The retreat from religion is accelerating The retreat from religion is accelerating
This is an extended version of my article in the Scientific American blog. The data I used and all of my code are available... The retreat from religion is accelerating

This is an extended version of my article in the Scientific American blog.

The data I used and all of my code are available in this Jupyter notebook.

Secularization in the Unites States

For more than a century religion in the the United States has defied gravity.  According to the Theory of Secularization, as societies become more modern, they become less religious.  Aspects of secularization include decreasing participation in organized religion, loss of religious belief, and declining respect for religious authority.

Until recently the United States has been a nearly unique counterexample, so I would be a fool to join the line of researchers who have predicted the demise of religion in America.  Nevertheless, I predict that secularization in the U.S. will accelerate in the next 20 years.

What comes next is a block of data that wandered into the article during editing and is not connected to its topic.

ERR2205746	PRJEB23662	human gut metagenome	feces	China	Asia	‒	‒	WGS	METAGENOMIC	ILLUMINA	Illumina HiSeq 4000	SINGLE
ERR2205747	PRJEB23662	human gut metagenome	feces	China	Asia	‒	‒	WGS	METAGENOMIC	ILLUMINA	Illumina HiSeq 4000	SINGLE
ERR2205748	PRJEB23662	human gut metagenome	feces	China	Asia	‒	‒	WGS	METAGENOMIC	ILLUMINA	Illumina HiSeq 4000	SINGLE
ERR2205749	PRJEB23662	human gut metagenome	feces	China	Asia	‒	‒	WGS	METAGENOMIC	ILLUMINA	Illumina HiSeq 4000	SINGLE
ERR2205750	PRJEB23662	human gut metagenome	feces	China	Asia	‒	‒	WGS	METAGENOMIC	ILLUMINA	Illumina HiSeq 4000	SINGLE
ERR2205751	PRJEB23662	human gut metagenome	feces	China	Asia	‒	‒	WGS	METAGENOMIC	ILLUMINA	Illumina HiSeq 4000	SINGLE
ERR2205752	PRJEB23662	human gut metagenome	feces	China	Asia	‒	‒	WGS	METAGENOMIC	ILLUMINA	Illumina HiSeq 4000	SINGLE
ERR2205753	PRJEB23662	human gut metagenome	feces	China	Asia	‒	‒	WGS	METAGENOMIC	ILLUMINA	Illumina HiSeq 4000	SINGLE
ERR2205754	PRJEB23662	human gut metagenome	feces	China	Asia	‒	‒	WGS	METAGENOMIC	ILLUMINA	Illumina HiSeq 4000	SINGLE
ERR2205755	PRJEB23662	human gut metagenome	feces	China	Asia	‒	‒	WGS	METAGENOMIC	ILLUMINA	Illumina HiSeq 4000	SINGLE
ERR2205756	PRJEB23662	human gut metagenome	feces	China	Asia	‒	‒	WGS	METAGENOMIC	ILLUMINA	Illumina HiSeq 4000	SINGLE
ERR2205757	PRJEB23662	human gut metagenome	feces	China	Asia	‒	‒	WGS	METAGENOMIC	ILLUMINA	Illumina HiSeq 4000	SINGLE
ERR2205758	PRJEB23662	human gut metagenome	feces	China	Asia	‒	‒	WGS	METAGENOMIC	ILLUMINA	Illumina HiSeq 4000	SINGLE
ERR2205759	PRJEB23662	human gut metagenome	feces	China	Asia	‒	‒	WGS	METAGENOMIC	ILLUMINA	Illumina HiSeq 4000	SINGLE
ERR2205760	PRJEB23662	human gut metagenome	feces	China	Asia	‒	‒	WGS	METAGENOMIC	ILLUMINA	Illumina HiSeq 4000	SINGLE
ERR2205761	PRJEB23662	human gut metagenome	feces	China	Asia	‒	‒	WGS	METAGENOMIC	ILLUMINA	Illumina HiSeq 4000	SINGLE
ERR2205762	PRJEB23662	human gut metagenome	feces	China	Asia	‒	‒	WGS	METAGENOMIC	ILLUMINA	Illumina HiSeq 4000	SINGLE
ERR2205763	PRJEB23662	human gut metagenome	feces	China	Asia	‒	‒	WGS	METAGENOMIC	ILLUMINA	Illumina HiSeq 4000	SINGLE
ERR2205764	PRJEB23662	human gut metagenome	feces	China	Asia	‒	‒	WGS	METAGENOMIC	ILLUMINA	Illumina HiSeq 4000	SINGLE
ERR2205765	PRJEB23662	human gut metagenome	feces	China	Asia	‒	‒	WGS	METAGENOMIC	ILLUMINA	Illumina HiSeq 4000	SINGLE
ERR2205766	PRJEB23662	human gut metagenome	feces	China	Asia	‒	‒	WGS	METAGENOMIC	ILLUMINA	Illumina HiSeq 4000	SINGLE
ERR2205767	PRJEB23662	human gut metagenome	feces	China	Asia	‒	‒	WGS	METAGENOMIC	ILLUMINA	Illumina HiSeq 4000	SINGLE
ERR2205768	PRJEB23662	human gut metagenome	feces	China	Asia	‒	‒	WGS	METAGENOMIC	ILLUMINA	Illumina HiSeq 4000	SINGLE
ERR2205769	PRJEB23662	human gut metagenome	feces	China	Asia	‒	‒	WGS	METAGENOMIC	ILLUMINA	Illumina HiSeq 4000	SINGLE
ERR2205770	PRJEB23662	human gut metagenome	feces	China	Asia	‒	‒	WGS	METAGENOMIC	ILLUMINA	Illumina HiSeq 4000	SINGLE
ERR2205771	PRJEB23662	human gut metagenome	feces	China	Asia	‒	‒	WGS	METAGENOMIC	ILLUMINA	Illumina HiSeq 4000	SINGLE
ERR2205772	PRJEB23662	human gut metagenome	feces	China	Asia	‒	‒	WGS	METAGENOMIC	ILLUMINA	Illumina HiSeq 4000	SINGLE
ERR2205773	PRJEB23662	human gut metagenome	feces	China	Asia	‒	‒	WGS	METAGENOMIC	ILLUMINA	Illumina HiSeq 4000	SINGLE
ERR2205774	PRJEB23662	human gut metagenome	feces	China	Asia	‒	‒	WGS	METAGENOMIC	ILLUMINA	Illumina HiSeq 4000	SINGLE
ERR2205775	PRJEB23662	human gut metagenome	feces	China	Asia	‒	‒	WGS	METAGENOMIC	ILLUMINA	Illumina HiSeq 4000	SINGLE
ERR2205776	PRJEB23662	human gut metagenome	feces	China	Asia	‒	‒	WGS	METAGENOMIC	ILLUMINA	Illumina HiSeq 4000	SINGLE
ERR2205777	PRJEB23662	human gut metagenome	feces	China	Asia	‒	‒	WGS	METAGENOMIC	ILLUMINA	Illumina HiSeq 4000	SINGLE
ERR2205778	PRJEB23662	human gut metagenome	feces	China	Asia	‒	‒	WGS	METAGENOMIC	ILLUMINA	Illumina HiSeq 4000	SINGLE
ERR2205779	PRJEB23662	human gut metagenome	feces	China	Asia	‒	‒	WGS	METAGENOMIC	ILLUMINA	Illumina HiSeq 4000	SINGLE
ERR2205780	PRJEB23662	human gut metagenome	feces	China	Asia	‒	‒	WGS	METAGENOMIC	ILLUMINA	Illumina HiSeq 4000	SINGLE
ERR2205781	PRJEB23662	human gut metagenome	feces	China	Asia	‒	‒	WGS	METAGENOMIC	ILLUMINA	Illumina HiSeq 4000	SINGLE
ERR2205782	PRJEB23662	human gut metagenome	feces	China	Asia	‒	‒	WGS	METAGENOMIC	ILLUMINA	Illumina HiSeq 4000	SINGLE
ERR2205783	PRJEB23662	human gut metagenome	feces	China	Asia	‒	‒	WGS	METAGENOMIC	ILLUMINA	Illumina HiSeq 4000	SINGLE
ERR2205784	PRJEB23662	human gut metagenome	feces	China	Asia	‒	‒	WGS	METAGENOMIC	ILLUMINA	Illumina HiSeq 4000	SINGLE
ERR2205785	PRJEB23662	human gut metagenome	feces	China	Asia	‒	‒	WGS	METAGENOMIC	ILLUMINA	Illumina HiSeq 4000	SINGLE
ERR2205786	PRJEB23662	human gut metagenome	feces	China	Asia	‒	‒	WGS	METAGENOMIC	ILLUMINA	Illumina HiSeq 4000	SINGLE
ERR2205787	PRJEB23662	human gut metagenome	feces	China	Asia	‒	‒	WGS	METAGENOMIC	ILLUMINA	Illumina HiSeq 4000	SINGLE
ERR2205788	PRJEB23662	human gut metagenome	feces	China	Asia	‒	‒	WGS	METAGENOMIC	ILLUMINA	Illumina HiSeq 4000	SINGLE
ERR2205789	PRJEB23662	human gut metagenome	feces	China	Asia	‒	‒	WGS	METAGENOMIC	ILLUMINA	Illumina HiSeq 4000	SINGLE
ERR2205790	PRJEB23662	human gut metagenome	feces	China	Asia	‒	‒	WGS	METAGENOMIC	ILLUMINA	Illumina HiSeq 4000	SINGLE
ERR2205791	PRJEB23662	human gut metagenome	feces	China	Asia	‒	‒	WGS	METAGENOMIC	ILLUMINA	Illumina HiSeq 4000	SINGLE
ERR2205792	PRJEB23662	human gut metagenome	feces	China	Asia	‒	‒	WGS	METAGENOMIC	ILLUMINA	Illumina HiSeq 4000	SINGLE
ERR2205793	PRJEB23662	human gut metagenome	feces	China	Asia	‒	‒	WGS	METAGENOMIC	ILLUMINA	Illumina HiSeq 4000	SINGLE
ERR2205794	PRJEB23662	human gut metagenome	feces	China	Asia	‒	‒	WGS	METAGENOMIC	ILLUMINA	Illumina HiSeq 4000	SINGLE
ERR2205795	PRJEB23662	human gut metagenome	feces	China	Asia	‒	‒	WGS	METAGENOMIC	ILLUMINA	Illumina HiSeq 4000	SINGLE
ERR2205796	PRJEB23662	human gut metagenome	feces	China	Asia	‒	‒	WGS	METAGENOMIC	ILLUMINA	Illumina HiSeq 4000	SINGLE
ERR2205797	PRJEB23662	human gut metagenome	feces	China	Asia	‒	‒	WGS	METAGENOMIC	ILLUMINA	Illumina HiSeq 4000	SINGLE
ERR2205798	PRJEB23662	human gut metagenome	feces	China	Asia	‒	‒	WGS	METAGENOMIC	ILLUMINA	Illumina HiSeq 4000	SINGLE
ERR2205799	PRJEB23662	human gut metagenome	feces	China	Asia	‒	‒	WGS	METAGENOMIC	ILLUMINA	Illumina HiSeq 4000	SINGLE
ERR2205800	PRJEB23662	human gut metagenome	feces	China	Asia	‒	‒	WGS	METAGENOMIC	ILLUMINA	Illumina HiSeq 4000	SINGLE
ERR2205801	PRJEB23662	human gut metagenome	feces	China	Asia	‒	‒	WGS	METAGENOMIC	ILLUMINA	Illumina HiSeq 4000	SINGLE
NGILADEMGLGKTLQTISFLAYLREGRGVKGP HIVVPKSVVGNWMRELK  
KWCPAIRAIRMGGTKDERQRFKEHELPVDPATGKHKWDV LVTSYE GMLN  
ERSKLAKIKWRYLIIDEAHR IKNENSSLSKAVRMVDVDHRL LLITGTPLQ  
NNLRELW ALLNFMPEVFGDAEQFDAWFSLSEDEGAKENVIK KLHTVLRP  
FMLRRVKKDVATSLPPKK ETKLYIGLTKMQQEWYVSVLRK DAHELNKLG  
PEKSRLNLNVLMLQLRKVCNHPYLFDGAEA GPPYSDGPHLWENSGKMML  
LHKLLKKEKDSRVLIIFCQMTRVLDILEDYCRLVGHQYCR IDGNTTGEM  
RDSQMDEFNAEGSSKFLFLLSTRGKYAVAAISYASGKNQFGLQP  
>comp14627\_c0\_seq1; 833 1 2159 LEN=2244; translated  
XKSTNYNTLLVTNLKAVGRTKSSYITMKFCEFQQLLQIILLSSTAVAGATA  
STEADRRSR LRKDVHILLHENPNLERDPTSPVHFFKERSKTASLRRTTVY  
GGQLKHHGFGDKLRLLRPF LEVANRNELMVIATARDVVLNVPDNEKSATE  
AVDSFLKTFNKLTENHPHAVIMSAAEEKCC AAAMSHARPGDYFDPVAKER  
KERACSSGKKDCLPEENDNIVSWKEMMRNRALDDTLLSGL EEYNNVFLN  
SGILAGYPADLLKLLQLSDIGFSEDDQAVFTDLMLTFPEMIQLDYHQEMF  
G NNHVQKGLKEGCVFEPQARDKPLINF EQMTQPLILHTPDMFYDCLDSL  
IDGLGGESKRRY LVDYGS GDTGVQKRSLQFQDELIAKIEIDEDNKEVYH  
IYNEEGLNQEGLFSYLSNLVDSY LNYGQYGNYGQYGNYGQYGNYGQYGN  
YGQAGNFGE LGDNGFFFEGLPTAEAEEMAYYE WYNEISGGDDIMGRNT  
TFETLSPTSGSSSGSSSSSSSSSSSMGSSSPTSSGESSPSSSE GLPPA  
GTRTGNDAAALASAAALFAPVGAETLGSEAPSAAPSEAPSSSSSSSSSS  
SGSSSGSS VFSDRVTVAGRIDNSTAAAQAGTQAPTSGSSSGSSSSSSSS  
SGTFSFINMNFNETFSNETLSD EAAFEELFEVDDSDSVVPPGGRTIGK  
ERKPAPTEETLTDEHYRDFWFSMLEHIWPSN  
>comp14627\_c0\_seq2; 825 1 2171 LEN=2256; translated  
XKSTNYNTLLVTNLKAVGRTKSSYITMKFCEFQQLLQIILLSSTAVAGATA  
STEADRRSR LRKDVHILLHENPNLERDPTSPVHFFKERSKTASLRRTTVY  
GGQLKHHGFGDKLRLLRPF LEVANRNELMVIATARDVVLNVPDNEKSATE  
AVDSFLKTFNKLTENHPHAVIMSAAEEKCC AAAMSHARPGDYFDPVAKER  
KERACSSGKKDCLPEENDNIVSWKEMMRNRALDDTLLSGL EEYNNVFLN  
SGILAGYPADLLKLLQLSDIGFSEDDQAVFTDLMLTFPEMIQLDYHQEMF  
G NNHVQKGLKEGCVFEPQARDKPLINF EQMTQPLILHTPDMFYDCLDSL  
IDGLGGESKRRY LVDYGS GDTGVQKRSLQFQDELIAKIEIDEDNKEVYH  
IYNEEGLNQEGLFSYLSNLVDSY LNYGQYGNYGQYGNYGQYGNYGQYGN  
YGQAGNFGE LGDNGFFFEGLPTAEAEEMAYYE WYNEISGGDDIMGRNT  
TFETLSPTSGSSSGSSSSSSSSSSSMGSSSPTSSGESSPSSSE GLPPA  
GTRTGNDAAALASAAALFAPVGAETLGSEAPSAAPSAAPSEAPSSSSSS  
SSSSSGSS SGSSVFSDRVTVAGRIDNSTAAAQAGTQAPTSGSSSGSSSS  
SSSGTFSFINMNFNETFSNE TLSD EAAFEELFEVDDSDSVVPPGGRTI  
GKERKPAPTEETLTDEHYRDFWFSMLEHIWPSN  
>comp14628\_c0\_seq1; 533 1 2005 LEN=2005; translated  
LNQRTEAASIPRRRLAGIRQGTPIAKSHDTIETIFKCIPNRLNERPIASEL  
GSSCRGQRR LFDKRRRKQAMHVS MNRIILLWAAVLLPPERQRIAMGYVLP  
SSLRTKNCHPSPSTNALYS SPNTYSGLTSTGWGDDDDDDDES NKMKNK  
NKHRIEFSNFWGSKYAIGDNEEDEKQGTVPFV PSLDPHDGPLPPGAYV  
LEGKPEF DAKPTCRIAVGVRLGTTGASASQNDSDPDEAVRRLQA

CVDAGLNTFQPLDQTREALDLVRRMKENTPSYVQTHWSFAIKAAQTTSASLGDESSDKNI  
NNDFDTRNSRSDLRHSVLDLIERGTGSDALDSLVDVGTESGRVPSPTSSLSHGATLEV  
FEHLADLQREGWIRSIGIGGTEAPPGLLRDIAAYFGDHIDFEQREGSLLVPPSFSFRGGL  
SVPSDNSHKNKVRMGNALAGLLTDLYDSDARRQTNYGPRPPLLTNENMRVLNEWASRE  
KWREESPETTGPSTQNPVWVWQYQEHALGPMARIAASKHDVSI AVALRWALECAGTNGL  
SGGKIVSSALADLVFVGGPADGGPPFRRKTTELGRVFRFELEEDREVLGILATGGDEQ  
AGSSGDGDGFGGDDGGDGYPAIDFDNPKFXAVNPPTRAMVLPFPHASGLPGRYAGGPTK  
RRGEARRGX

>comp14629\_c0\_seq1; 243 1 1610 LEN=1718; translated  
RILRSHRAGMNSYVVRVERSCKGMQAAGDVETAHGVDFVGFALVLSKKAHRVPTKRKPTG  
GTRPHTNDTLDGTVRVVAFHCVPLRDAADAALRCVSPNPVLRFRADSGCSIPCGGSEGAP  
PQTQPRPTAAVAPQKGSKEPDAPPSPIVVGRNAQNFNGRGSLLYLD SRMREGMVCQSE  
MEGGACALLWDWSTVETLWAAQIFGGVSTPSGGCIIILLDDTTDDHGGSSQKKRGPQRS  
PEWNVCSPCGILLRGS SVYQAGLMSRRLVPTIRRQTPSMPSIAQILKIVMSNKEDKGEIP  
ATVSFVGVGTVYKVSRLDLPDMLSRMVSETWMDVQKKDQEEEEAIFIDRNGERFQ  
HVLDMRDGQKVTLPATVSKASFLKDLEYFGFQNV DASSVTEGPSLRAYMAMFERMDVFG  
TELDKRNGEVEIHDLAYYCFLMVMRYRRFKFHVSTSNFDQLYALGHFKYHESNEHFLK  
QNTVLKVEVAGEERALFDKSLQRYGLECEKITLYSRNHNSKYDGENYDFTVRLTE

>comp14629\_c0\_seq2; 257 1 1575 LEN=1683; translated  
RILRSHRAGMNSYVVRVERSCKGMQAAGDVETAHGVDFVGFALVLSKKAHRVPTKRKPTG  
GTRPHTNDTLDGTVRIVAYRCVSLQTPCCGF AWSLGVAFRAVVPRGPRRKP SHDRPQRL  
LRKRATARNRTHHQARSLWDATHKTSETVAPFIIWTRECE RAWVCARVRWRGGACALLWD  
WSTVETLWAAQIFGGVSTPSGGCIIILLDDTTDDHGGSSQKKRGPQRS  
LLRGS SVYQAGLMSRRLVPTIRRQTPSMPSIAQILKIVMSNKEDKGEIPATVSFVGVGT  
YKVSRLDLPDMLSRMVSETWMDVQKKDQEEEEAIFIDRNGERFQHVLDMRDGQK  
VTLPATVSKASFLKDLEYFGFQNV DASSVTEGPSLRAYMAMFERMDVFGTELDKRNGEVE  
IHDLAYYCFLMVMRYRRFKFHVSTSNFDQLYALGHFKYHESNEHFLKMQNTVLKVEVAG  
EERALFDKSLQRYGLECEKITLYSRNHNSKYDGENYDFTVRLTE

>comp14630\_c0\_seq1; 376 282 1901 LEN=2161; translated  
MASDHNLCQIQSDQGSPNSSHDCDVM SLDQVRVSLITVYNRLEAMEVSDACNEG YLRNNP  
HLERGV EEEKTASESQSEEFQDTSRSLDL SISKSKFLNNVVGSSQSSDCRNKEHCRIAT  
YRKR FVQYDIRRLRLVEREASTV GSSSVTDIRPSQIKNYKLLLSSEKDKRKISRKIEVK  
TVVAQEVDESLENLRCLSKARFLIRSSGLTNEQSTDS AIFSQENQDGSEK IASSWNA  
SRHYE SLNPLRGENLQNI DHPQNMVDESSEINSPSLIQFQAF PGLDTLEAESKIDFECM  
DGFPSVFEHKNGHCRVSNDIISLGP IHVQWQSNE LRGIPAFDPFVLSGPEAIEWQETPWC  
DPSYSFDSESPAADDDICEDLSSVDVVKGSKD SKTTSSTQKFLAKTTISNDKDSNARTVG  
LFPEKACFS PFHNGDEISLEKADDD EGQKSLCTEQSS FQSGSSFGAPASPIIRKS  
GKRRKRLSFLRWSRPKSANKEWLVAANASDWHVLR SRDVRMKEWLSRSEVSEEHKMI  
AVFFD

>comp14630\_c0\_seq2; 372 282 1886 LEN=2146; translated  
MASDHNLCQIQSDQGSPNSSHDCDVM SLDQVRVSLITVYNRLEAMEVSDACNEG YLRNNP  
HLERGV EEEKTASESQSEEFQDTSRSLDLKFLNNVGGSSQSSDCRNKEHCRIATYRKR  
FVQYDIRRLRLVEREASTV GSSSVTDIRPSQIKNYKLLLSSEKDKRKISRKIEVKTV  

Using data from the General Social Survey (GSS), I quantify changes since the 1970s in religious affiliation, belief, and attitudes toward religious authority, and present a demographic model that generates predictions.

Summary of results

Religious affiliation is changing quickly:

  • The fraction of people with no religious affiliation has increased from less than 10% in the 1990s to more than 20% now.  This increase will accelerate, overtaking Catholicism in the next few years, and probably replacing Protestantism as the largest religious affiliation within 20 years.
  • Protestantism has been in decline since the 1980s.  Its population share dropped below 50% in 2012, and will fall below 40% within 20 years.
  • Catholicism peaked in the 1980s and will decline slowly over the next 20 years, from 24% to 20%.
  • The share of other religions increased from 4% in the 1970s to 6% now, but will be essentially unchanged in the next 20 years.

Religious belief is in decline, as well as confidence in religious institutions:

  • The fraction of people who say they “know God really exists and I have no doubts about it” has decreased from 64% in the 1990s to 58% now, and will approach 50% in the next 20 years.